- The Washington Times - Friday, August 16, 2002

It takes a lot of work to become a home appraiser, not the least of which is putting in the time to keep ahead of an industry that is changing every day. But for those with patience and the ability to hustle, the financial payoff could be substantial, industry insiders say.

Since they are responsible for developing and reporting the value of real property, home appraisers must work well with numbers and have good analytical and communication skills. Much of their time is spent interacting with clients and writing reports.

Appraisers are the first and many times only defense against unscrupulous brokers and lenders who would base a loan on misleading information about the neighborhood, market conditions and trends and improvements of the property, appraisers say.

The salary range varies. Deane Wilson, chairman of the Real Property Committee for the Reston-based American Society of Appraisers, says, "the typical appraiser with a regular 8-to-5 job can make between $40,000 to $50,000. But some appraisers can go into the six-figure range. If you hustle and work 12-hour days, you can make pretty good money."

That sounds simple enough, yet the path to becoming a home appraiser isn't easy.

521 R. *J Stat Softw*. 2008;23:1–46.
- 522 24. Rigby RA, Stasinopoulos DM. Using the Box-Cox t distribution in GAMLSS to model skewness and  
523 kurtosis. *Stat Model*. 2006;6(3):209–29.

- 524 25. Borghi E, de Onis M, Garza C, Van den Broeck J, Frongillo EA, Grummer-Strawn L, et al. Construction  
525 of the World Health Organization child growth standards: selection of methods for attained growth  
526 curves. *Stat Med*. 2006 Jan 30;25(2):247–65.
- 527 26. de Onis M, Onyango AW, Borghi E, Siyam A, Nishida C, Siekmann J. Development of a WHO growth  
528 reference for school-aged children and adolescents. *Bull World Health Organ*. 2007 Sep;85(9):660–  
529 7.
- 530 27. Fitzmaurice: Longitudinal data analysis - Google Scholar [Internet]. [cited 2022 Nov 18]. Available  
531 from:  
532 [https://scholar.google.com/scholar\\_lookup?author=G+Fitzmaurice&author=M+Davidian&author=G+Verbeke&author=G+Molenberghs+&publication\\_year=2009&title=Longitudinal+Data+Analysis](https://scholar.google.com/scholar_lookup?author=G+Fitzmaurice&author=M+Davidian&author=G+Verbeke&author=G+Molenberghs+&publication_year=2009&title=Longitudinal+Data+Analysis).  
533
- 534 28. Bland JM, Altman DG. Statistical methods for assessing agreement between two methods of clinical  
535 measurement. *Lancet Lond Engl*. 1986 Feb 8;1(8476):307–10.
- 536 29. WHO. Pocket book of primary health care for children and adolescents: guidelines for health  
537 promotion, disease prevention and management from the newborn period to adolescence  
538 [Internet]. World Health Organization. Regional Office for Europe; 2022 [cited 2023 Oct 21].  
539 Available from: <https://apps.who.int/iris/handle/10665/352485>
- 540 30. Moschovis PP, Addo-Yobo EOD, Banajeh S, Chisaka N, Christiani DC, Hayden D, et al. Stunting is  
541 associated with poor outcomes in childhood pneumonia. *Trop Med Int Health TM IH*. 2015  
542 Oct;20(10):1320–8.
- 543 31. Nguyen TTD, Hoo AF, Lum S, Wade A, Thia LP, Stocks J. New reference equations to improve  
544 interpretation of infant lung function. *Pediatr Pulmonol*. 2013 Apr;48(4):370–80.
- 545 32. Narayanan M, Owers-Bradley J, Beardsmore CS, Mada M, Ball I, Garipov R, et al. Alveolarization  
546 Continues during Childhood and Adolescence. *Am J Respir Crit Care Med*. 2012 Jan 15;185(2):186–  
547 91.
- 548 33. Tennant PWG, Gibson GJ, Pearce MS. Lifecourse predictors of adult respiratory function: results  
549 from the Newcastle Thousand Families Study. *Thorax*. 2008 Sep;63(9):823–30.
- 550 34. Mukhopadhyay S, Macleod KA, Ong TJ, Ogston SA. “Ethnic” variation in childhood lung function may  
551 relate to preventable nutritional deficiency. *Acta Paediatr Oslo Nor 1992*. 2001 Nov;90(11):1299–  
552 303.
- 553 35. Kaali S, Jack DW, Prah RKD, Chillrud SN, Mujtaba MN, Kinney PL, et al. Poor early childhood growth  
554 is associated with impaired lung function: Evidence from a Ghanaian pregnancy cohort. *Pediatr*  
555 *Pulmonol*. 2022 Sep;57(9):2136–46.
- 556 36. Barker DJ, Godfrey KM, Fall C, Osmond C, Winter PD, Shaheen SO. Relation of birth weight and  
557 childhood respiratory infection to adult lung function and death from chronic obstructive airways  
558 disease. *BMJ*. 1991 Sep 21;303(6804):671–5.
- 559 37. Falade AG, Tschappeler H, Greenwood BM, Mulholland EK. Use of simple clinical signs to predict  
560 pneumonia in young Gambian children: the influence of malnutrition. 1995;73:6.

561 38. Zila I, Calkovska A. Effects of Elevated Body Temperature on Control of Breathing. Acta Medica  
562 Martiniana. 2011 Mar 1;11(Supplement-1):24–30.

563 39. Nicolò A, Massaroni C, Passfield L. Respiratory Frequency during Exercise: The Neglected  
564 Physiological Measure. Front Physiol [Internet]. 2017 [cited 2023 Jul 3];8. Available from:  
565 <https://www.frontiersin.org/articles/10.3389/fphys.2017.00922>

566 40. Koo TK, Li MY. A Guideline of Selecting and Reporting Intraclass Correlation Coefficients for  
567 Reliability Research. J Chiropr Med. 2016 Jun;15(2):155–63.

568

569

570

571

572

"The laws are not favorable to start-ups," Mr. Wilson says. "Many states are looking to see how they can fix this. Right now, it is difficult for anyone wanting to get into the home appraisal profession."

Guidelines to become a licensed appraiser in the District, Maryland or Virginia currently require at least 90 hours of classroom instruction and 2,000 hours of on-the-job experience, in addition to passing the appraiser examination and completing 14 hours of continuing education annually.

The requirements, which vary slightly from state to state, are the bare minimum.

To belong to a professional organization such as the American Society of Appraisers, the requirements increase significantly.

"It's tough. Regulations are very tough. You need two to three years of training as an intern and must have 90 hours of classroom experience," says Hallie Stone, owner of Washington Appraisers. Changes proposed for next year in appraiser licensing and certification requirements will include an increase in classroom instruction and new college requirements.

According to the Appraisal Foundation, a not-for-profit educational organization based in the District, there are many opportunities for home appraisers to practice the craft. Lenders seek appraisers for loan collateral purposes, lawyers use them in property disputes, insurance companies use them to help determine the value of the property, and property owners use them when buying or selling real estate.

Besides working independently, corporations, government agencies, financial institutions and real estate investment companies all employ real estate appraisers full time. Specialties include residential, commercial and agricultural property.

While some have predicted that professional real estate appraisers will be replaced one day by satellite images and computerized databases, appraisers have worked to counter this forecast by using their real estate knowledge and the latest technology to boost their incomes.